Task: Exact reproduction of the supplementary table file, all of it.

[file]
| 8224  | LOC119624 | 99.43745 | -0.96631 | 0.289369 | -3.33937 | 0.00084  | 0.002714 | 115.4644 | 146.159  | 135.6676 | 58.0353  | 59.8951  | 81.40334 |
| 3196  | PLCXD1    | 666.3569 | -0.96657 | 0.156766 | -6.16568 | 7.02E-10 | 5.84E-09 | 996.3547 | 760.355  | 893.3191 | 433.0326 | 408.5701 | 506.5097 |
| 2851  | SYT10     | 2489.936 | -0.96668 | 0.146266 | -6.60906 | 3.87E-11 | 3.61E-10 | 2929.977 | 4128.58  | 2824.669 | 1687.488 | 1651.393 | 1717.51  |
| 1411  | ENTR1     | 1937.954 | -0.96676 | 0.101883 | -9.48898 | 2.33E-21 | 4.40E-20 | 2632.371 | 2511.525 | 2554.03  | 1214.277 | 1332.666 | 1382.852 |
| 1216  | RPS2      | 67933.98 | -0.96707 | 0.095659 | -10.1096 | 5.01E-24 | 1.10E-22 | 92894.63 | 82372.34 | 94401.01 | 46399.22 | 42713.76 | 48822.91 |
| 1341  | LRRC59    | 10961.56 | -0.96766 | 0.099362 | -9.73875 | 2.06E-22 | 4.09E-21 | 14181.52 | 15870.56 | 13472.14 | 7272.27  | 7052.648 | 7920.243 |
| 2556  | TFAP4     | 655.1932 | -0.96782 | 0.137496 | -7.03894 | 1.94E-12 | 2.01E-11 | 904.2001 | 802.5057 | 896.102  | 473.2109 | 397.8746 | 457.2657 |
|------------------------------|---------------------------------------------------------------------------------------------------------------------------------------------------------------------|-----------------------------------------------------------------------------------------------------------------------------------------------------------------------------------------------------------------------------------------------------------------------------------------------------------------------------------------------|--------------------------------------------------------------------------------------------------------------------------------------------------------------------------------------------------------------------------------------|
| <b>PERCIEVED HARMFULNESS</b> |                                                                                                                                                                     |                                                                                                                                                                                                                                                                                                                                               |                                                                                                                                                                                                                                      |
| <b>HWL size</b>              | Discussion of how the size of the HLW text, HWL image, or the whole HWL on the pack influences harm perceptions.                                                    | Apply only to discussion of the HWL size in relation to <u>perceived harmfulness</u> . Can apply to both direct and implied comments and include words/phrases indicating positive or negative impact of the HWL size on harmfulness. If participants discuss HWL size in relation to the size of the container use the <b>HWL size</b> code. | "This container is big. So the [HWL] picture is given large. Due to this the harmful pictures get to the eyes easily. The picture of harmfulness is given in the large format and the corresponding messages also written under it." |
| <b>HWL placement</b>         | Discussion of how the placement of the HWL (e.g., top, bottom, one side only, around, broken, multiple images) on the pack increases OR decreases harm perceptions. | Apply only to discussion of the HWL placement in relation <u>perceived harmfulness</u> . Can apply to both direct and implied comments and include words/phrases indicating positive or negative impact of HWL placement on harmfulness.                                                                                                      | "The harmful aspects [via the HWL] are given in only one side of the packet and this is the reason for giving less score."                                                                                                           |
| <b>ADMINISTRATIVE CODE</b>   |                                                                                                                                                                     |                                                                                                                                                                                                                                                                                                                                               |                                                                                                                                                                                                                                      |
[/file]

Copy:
| 8224  | LOC119624 | 99.43745 | -0.96631 | 0.289369 | -3.33937 | 0.00084  | 0.002714 | 115.4644 | 146.159  | 135.6676 | 58.0353  | 59.8951  | 81.40334 |
| 3196  | PLCXD1    | 666.3569 | -0.96657 | 0.156766 | -6.16568 | 7.02E-10 | 5.84E-09 | 996.3547 | 760.355  | 893.3191 | 433.0326 | 408.5701 | 506.5097 |
| 2851  | SYT10     | 2489.936 | -0.96668 | 0.146266 | -6.60906 | 3.87E-11 | 3.61E-10 | 2929.977 | 4128.58  | 2824.669 | 1687.488 | 1651.393 | 1717.51  |
| 1411  | ENTR1     | 1937.954 | -0.96676 | 0.101883 | -9.48898 | 2.33E-21 | 4.40E-20 | 2632.371 | 2511.525 | 2554.03  | 1214.277 | 1332.666 | 1382.852 |
| 1216  | RPS2      | 67933.98 | -0.96707 | 0.095659 | -10.1096 | 5.01E-24 | 1.10E-22 | 92894.63 | 82372.34 | 94401.01 | 46399.22 | 42713.76 | 48822.91 |
| 1341  | LRRC59    | 10961.56 | -0.96766 | 0.099362 | -9.73875 | 2.06E-22 | 4.09E-21 | 14181.52 | 15870.56 | 13472.14 | 7272.27  | 7052.648 | 7920.243 |
| 2556  | TFAP4     | 655.1932 | -0.96782 | 0.137496 | -7.03894 | 1.94E-12 | 2.01E-11 | 904.2001 | 802.5057 | 896.102  | 473.2109 | 397.8746 | 457.2657 |
|------------------------------|---------------------------------------------------------------------------------------------------------------------------------------------------------------------|-----------------------------------------------------------------------------------------------------------------------------------------------------------------------------------------------------------------------------------------------------------------------------------------------------------------------------------------------|--------------------------------------------------------------------------------------------------------------------------------------------------------------------------------------------------------------------------------------|
| <b>PERCIEVED HARMFULNESS</b> |                                                                                                                                                                     |                                                                                                                                                                                                                                                                                                                                               |                                                                                                                                                                                                                                      |
| <b>HWL size</b>              | Discussion of how the size of the HLW text, HWL image, or the whole HWL on the pack influences harm perceptions.                                                    | Apply only to discussion of the HWL size in relation to <u>perceived harmfulness</u> . Can apply to both direct and implied comments and include words/phrases indicating positive or negative impact of the HWL size on harmfulness. If participants discuss HWL size in relation to the size of the container use the <b>HWL size</b> code. | "This container is big. So the [HWL] picture is given large. Due to this the harmful pictures get to the eyes easily. The picture of harmfulness is given in the large format and the corresponding messages also written under it." |
| <b>HWL placement</b>         | Discussion of how the placement of the HWL (e.g., top, bottom, one side only, around, broken, multiple images) on the pack increases OR decreases harm perceptions. | Apply only to discussion of the HWL placement in relation <u>perceived harmfulness</u> . Can apply to both direct and implied comments and include words/phrases indicating positive or negative impact of HWL placement on harmfulness.                                                                                                      | "The harmful aspects [via the HWL] are given in only one side of the packet and this is the reason for giving less score."                                                                                                           |
| <b>ADMINISTRATIVE CODE</b>   |                                                                                                                                                                     |                                                                                                                                                                                                                                                                                                                                               |                                                                                                                                                                                                                                      |